Poor Radio and Television Reception Signals: Ozowa (1999) reported that poor reception quality is one of the obvious constraints in the use of broadcasting media in Nigeria. In most of our rural area the problem of poor signals of radio and television is very high to the extent that even those farmers who has access to radio and television receives no signals.
Solutions to the Identified Problems
- The education of the country’s indigenes should be taken more serious. Government should map out measures to make basic education (primary and secondary schools) a mandatory and compulsory task for her indigenes, which will help the people in adapting to changes in agriculture easily.
(2) More grants, loans, subsides etc should be given to farmers by government in order for them to acquire those necessities such as education, infrastructure, research farms etc which will help promote innovations.
(3) Basic amenities should be provided for the rural farmers so that they will be easily distributed to the extension workers and other agricultural bodies responsible for disseminating agricultural innovations. Good road network, electricity, good water and most of all electronic media such as radios, televisions, handsets etc should be make available for the rural farmers.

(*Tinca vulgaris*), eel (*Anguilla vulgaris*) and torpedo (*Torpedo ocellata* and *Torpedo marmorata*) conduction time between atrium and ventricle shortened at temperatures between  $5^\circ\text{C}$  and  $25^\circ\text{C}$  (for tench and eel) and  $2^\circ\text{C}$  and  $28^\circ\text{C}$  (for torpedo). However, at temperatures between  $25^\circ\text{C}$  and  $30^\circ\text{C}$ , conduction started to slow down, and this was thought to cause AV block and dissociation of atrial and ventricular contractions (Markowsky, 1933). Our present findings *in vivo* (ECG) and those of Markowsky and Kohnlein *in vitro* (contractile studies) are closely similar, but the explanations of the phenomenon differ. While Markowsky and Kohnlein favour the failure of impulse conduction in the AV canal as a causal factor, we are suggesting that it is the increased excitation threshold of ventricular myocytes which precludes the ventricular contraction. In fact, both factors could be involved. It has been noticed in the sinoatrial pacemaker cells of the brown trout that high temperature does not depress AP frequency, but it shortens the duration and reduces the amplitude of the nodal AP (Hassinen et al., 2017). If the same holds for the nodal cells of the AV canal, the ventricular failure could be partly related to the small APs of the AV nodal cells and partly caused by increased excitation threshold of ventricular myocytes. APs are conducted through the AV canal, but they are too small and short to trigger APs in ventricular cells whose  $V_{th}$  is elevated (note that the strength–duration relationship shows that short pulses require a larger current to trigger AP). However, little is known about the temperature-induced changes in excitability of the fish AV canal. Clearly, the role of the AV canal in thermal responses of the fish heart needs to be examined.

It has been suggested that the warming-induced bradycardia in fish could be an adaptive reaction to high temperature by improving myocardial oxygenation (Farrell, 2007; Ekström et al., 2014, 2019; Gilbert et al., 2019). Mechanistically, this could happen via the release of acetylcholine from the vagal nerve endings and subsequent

(4) Government should look into the rate of tax and polices mapped out for agricultural sectors, make them moderate and reduce policies that will reduce the number of private agricultural firms, because when there are less firms, research will be less resulting to less innovations.
(5) The government and private organization, should assist in the installation of radio and television antennas or mast at strategic positions in the remote areas for better radio and television signal reception.
(6) More awareness campaign or sensitization programme should be organized by government and non- governmental bodies on the need for the rural farmers to adapt to changes and innovations that might be continually communicated to them either through personal/face to face interaction or through the media.